Establish Project Environments for Better Deployments

Why do I need different project environments?

Establishing different project environments for your live project, your development server, and your staging server will give you the ability to test your software in increasingly complex environments. It is crucial for your ability to deploy to your live server with peace of mind. A typical development cycle consists of development, integration, testing and QA, staging, and finally production.

The different project environments


This is where your projects are actively being worked on and new features are in progress. The development environment is usually a combination of the computers used by the developers and maybe a cloud-hosted server for testing.


This is where you'll test various integrations with external services and sources, i.e. Facebook, Stripe, or your favorite CRM or BI tool. It's important not to skip this step in order to make sure your users will have the necessary integrations. Most integrations will have a "development mode," where you can test with sample data rather than real data, which will ensure you don't modify live data or input real credit card information while testing.

Testing and QA

This is where you'll test the functionality of the project and run user stories. Testing and QA is usually performed first in the development environment or in a special testing environment. In general, if developer A worked on a feature, you should have developer B test the feature, and vice versa.

Better yet, having a dedicated QA engineer will help ensure your QA is complete and thorough. By having a dedicated QA resource perform testing, you can ensure that someone without intimate knowledge of the system can perform the necessary tasks and run through the desired user flows.

Sometimes when a developer performs testing, they may miss bugs because they know how it should work, but not all end users will know exactly how your system will work. More importantly, end users don't know what doesn't work; whereas one of your developers might deliberately avoid clicking the "Login with Facebook" button when they're already logged in with Google because they know you can't use both at the same time, the end users (or your dedicated QA resource) might try to login with both simultaneously and encounter an error.


Think of this as a dress rehearsal for deploying to production. The staging environment should be as close as possible to the production environment, with a database copy and a few testing users. Setting up a robust staging environment may take some time and effort, but it's worth it in the end. All the other environments up to this point have not utilized real data, but this changes with staging.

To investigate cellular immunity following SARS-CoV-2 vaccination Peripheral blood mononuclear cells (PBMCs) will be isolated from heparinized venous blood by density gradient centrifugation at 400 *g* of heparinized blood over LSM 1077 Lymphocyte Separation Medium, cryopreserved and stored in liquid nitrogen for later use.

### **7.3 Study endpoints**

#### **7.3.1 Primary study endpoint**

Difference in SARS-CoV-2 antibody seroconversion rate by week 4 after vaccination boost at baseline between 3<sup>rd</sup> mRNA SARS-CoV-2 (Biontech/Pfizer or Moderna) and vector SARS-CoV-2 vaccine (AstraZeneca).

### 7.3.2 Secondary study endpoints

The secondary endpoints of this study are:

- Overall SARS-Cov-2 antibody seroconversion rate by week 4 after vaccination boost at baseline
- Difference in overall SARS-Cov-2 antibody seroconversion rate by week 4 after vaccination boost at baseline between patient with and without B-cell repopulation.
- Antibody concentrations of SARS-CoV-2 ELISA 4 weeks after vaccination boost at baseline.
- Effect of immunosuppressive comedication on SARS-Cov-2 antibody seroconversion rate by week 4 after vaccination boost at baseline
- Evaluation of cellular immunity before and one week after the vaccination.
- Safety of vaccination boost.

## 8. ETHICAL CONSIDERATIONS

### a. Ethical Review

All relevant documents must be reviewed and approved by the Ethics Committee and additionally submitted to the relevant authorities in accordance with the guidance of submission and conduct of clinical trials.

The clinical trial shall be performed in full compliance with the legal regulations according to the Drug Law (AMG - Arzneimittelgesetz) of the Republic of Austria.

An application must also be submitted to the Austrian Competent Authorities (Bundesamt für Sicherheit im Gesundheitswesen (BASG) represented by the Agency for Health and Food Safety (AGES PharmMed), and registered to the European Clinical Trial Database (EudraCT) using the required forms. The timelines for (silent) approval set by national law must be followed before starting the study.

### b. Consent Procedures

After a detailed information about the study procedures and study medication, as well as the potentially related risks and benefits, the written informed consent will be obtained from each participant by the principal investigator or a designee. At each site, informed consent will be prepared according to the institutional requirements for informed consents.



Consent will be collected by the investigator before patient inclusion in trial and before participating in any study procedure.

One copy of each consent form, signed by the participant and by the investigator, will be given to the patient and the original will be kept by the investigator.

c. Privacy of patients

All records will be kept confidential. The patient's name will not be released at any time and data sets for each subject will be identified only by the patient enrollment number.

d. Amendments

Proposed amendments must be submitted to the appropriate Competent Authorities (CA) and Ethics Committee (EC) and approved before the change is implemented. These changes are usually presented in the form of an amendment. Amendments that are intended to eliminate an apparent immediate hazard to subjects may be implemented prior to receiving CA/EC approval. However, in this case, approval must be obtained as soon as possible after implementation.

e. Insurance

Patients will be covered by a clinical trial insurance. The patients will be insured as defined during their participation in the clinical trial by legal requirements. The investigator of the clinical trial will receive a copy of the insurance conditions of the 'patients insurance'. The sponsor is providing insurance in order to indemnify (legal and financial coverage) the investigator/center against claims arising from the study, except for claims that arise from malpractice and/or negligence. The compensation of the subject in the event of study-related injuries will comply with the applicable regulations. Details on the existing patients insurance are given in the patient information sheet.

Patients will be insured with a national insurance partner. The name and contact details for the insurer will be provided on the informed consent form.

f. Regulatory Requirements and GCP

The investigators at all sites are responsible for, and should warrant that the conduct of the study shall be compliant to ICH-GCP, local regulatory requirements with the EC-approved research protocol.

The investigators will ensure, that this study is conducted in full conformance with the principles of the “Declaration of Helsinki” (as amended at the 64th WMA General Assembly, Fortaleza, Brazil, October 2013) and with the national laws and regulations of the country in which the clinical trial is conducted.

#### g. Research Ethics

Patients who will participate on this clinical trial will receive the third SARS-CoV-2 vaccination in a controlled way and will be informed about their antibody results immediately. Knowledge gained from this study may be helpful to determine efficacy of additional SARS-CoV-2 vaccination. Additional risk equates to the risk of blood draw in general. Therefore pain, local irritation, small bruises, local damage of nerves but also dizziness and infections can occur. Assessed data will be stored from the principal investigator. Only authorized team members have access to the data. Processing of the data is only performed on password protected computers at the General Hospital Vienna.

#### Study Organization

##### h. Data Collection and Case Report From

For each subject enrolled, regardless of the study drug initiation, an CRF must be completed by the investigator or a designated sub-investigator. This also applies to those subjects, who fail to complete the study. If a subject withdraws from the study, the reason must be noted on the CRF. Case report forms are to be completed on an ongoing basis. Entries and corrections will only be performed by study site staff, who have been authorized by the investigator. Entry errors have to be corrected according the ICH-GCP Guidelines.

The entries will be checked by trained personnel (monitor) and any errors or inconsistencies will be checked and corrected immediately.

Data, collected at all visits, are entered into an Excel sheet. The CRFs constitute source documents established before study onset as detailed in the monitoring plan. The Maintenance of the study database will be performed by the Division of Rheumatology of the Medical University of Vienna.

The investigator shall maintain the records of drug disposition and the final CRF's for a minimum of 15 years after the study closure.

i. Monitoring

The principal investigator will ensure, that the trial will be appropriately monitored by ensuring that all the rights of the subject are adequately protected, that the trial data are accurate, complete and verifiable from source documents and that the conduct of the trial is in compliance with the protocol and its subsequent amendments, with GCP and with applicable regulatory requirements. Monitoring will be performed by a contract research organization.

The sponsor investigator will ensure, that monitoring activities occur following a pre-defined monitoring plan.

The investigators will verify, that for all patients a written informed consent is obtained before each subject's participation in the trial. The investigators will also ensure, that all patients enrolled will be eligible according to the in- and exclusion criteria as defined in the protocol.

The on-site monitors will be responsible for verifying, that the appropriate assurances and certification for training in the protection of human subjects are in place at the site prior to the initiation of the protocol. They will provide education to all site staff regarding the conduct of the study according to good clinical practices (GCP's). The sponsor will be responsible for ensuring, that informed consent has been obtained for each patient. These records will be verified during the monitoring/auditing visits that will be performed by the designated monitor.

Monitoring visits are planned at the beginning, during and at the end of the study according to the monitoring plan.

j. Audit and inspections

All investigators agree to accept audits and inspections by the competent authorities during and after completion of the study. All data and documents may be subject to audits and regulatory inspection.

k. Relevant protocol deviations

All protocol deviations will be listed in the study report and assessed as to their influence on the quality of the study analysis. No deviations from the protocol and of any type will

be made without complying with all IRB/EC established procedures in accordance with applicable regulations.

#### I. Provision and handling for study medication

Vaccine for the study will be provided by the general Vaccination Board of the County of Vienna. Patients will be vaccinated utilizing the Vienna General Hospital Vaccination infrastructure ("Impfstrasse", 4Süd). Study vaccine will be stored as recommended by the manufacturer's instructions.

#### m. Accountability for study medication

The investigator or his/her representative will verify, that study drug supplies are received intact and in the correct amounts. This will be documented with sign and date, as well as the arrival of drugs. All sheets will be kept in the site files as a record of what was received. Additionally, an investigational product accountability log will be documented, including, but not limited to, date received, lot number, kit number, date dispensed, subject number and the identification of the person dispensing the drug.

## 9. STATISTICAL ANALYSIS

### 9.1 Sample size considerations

Here are just a few reasons why using real data to test is important.

Test data might be way smaller than real data

Usually, in order to test quickly, your testers will only create just enough data to test each scenario once. However, the quantity of real-world data for your product might be orders of magnitude greater than the testing data, which can greatly affect system performance. If you're using an inefficient database, have inefficient code, or a slow server, you'll discover these issues in the staging environment.

Test data might follow a different format to real data

We've all been guilty of using unrealistic test data before. For example, maybe an input field asks you to type in your first, middle, and last name, and you type in "testing" for all three. However, after you roll out to live users, you discover some users are having trouble signing up because they don't have middle names and you accidentally made all three fields required.

When choosing someone to put together test data for a feature, it's useful to have someone who didn't work on the implementation for the feature in question.

Your test server is different from your production server

If your test server is locally hosted, i.e. it exists on your (or your developer's) personal machine, it likely is different from your production server. Different servers have different technologies, especially when it comes to web hosting, and you might find that parts of your backend don't work when deployed to AWS, for example.

Or maybe you use a managed hosting solution that doesn't allow you to configure your TCP ports, and you find that you can't open ports 443 and 2197 to send iOS notifications.

Your staging server would ideally be hosted on the same provider as your production server, so you can discover any server issues early and fix them before deploying to production.


This is the live project that end users use. If you followed the previous steps, you should have a smooth production deployment with no major bugs. Using the lessons learned from deploying to staging, you can have a detailed production deployment plan and minimize downtime for users.

The detailed production deployment plan also gives you a repeatable process, and repeatable processes are opportunities for automation. We'll discuss automating deployment when we get to deployment pipelines.

Table of Contents

Why Outsource

How to Vet Developers

How to scope a software project

How to establish your project structure

Our development process

How to manage your relationship with your outsourcing firm

How to manage expectations with your outsourcing firm

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